Though it didn’t dominate the sports press during college football’s bowl game week–and there’s an irony for you–Pennsylvania governor Tom Corbett’s lawsuit against the National Collegiate Athletic Association may ultimately prove to be the biggest sports story of 2013.
For those who don’t recall the details on this, the NCAA, in the wake of the Jerry Sandusky sex abuse scandal, banned the Penn State football team from postseason and bowl games for the next four years, voided their last 14 seasons, reduced their football scholarships, and fined the university $60 million to establish an endowment to help abused children across the country.
Corbett is seeking to have all of it thrown out. In an interview with CNN at 3:20 pm this afternoon, Corbett said that he initially supported the NCAA sanctions because “When you belong to an organization, you have to follow its rules.” But “The more we looked into it, the more we realized that the NCAA violated its own rules when the executive committee usurped the infractions committee…The NCAA went well beyond their intended purpose. They had no authority to do what they did…This is an antitrust lawsuit.”
Essentially Corbett is arguing that given the criminal actions against those responsible at Penn State for covering up Sandusky’s actions and the coming civil court suits, the NCAA’s sanctions amount to double jeopardy for the university.
But Corbett is also arguing a larger case. Over the past half century the NCAA’s power to regulate collegiate sports has become virtually limitless. It tells college students who play sports what jobs they can and can’t hold, thus controlling the income of tens of thousands of student athletes. Corbett is questioning what right an athletic association to pass judgment as if they legally represented the victims in this case.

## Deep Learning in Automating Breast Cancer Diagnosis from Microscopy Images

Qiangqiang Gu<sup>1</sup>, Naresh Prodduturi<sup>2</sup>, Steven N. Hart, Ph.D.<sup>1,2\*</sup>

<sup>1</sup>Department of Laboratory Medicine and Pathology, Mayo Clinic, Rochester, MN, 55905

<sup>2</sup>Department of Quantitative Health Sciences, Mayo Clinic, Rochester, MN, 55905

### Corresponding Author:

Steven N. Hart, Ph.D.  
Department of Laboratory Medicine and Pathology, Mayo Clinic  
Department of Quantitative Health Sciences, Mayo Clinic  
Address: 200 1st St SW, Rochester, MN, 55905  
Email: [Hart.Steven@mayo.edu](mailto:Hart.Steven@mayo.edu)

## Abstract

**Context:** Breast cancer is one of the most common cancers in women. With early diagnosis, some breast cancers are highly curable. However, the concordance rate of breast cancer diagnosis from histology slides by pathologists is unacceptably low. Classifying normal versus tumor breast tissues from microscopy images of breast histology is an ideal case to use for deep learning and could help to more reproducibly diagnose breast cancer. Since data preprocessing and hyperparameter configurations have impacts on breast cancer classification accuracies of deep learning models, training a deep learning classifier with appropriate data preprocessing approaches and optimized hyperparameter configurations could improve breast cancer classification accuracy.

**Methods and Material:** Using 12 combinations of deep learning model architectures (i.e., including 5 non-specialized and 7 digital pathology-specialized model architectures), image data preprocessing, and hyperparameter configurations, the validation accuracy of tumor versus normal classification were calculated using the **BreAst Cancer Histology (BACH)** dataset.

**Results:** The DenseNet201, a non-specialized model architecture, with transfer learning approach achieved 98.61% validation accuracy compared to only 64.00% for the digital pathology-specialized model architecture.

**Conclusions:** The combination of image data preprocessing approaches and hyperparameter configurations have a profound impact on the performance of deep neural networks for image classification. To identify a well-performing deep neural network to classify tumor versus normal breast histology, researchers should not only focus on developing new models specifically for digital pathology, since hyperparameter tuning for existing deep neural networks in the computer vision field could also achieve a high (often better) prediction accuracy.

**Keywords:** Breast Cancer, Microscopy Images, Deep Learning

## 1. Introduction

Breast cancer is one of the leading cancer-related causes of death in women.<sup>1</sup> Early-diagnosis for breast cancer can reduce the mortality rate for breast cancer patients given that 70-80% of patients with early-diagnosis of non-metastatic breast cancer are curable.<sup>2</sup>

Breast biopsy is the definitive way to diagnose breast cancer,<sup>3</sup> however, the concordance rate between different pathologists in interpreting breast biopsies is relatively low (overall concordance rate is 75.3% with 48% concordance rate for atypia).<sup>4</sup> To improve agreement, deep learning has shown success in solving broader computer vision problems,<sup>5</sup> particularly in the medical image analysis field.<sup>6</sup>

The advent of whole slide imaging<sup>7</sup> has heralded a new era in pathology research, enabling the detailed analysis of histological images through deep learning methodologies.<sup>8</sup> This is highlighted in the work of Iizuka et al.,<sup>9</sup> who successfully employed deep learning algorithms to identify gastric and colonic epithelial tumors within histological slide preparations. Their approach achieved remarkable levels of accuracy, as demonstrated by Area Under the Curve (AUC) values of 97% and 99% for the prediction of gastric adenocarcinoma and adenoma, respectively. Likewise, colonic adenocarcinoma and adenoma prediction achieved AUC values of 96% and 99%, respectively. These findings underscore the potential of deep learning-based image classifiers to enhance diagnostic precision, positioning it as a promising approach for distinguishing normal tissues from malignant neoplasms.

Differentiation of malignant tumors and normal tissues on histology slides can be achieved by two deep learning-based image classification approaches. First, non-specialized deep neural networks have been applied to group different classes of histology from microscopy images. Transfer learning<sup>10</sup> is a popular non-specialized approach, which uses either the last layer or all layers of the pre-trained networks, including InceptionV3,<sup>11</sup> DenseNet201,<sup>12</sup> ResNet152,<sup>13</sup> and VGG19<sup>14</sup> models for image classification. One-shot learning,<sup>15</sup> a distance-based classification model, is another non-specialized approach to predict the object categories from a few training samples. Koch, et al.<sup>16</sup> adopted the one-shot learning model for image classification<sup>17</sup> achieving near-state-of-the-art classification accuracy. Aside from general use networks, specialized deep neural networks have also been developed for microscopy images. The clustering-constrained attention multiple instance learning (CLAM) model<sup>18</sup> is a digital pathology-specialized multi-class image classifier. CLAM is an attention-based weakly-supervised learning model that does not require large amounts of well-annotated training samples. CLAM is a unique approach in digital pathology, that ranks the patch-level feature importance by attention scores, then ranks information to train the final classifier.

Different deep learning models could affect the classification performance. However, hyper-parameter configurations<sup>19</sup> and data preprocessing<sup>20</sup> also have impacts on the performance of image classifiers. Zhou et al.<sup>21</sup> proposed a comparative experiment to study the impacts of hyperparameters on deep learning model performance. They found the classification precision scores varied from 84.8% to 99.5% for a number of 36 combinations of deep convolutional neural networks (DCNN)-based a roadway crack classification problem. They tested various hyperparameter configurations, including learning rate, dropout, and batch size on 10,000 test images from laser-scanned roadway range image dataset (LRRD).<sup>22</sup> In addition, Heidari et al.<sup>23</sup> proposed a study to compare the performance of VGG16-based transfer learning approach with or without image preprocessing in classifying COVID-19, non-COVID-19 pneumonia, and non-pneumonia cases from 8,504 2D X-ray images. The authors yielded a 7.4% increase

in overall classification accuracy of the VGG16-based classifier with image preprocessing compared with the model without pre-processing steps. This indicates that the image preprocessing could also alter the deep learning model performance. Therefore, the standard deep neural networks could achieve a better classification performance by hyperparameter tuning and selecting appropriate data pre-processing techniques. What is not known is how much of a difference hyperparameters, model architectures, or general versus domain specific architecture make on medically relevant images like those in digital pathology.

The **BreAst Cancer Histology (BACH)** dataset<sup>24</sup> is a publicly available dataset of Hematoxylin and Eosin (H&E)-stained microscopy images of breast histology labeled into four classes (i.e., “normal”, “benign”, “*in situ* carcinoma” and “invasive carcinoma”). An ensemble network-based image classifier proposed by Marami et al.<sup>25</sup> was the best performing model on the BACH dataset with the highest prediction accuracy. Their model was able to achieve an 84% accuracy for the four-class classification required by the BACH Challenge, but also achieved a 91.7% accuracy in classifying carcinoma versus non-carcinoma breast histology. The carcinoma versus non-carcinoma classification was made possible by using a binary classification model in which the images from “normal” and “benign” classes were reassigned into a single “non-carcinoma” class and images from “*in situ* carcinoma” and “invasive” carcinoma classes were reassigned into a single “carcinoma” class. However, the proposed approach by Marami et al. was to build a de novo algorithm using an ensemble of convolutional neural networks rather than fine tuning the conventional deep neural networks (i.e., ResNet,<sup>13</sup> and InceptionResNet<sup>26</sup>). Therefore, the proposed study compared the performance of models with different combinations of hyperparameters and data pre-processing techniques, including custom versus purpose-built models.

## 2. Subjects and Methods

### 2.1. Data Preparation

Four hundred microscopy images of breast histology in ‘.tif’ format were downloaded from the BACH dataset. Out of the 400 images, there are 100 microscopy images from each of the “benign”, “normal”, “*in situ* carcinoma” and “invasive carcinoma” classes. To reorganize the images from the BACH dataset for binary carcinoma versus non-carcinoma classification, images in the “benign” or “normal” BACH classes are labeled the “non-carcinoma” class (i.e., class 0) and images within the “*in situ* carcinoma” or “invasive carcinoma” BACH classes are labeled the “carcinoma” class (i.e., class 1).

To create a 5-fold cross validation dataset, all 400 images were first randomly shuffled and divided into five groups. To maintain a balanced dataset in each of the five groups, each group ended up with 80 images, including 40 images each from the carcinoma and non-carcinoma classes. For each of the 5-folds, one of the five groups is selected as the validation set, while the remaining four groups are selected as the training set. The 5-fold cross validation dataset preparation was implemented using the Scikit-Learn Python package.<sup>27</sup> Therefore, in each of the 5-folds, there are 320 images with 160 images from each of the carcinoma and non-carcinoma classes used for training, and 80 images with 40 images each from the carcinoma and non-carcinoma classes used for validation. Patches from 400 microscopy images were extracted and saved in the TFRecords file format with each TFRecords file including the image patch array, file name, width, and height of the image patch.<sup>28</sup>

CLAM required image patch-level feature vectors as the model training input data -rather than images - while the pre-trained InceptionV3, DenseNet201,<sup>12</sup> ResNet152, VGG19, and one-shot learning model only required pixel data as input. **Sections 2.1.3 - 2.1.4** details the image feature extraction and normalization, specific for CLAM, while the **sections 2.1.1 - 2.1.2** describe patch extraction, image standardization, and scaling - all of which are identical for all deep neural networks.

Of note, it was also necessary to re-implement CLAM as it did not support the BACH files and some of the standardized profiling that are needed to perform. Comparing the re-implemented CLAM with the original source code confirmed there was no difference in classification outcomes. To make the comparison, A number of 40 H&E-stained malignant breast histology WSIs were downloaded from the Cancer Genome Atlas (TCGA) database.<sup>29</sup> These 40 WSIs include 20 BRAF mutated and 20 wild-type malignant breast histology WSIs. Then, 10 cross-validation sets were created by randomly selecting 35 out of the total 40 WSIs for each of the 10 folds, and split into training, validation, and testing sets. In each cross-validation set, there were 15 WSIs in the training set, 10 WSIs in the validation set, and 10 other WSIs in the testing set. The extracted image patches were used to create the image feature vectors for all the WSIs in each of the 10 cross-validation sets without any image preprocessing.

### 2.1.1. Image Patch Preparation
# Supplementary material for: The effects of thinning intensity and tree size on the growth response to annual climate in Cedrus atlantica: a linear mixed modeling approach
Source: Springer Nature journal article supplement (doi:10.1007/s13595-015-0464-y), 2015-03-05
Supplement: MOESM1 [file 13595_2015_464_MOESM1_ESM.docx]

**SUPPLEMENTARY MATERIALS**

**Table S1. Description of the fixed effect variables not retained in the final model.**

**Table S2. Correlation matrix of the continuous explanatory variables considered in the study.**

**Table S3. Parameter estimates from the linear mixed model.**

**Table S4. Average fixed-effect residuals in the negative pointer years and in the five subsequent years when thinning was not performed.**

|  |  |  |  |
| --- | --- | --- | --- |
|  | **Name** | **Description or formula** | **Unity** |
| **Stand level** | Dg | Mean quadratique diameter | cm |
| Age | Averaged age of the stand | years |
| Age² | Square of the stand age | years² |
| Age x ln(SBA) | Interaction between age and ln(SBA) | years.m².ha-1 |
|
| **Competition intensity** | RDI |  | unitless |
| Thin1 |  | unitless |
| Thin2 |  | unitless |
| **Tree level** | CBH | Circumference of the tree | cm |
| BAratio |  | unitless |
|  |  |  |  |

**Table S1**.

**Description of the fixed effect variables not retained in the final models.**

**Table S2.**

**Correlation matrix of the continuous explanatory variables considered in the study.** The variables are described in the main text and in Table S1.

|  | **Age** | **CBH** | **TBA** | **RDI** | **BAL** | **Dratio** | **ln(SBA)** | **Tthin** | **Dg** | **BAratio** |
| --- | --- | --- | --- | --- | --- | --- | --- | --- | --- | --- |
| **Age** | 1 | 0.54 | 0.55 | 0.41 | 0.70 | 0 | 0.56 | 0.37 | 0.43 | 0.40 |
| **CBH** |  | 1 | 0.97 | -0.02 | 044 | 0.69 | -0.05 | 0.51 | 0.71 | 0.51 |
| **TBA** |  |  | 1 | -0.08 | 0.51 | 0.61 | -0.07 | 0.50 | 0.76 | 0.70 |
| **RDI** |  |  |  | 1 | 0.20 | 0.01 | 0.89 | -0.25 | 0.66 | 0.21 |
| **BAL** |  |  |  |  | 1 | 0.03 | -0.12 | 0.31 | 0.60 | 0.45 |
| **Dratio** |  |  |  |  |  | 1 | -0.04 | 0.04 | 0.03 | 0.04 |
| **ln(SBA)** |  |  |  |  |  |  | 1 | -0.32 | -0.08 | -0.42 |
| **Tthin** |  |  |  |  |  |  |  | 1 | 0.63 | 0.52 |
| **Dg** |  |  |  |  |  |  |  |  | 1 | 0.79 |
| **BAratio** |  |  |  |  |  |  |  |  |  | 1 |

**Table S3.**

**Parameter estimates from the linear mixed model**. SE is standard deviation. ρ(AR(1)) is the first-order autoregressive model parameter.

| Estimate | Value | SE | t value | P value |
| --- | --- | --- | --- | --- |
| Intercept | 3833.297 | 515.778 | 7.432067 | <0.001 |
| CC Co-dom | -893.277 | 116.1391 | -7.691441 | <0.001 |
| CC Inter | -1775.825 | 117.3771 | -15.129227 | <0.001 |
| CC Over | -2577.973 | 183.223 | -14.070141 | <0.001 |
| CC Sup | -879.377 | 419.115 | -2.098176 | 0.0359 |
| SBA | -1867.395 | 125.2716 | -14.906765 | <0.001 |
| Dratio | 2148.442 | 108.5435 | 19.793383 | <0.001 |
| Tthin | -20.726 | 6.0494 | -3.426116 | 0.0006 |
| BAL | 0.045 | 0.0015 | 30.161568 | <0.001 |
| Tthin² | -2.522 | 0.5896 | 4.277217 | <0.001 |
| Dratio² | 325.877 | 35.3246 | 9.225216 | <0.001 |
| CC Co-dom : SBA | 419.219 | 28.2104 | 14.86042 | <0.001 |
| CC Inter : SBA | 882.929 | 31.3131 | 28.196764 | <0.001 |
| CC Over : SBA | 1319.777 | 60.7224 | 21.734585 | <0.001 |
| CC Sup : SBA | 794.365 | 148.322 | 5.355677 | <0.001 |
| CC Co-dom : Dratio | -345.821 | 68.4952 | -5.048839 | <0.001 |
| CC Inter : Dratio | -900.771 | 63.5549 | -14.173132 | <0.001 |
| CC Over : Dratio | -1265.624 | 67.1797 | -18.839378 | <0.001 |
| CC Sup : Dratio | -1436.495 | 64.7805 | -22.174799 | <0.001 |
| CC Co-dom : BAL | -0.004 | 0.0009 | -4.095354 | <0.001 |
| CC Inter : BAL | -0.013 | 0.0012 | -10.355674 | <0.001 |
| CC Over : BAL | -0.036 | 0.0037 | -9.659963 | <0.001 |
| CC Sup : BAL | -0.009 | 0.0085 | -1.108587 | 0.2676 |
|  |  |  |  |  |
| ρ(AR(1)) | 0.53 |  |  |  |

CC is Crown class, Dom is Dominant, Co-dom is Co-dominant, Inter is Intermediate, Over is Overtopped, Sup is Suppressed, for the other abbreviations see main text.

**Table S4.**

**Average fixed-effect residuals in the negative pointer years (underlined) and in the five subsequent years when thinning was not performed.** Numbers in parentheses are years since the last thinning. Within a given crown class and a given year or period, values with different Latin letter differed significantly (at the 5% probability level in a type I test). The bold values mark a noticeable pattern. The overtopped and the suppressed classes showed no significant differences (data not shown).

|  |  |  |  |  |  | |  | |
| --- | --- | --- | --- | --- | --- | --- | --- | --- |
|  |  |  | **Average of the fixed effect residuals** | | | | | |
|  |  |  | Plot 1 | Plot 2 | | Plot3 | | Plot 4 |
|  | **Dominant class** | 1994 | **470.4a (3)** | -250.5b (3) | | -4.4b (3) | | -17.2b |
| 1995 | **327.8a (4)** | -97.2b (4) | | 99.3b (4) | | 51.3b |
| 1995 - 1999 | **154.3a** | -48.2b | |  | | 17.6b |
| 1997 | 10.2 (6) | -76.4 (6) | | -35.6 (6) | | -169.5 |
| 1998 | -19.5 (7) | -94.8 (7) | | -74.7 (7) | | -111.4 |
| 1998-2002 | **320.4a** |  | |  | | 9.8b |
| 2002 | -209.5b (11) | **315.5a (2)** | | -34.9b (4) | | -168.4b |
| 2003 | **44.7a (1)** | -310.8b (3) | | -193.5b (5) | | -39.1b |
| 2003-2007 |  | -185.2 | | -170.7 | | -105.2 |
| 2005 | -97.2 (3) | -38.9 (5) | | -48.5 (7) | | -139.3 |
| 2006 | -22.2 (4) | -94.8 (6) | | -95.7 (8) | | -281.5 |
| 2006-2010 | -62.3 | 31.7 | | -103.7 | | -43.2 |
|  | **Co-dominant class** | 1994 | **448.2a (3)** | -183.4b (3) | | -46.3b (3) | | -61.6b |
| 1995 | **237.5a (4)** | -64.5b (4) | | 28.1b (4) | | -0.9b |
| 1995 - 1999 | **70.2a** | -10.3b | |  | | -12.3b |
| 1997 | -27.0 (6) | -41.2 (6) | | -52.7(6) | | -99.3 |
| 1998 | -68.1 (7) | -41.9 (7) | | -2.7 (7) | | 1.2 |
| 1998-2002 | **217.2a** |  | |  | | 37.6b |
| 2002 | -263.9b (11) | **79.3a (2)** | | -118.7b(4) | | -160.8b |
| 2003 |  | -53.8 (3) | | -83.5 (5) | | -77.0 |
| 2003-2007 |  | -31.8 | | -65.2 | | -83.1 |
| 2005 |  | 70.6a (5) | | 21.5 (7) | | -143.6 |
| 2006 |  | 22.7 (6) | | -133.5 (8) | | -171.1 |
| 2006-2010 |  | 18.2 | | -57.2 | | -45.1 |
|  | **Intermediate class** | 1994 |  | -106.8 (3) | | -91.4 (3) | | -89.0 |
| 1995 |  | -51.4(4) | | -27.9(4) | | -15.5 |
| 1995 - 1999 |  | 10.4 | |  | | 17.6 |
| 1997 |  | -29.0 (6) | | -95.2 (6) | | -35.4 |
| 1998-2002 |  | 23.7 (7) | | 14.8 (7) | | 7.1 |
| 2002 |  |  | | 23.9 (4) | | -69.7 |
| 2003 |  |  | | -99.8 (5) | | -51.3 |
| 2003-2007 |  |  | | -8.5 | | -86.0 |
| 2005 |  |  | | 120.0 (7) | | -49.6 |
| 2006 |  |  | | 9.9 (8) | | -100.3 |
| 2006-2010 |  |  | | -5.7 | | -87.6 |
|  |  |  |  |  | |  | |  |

The NCAA has made itself into, in effect, a de facto lawmaking body–or at least acts as if it were. But in their actions against Penn State they’re moving into a new and potentially dangerous territory, claiming the right to levy millions of dollars over a matter that is only marginally involves sports.
And there is perhaps one more issue that needs to be addressed, namely why, when Joe Paterno is dead, former university president Graham Spanier has resigned in disgrace (and may soon be indicted), and athletic director Tim Curley (currently on leave) and senior vice president Gary Schultz are also gone (jury selection for their perjury trail starts Jan 7), the NCAA is claiming the right to punish alumni and the residents of Pennsylvania as well as students, athletes and current university faculty and staff who weren’t involved or even at Penn State when the abuses occurred.
Whatever else may be on Corbett’s agenda–State Attorney General-elect Kathleen Kane made a campaign promise last summer to investigate his handling of the Sandusky case–his lawsuit may one day be viewed in hindsight as the first serious check to the power grabbing of the most powerful organization in American sports.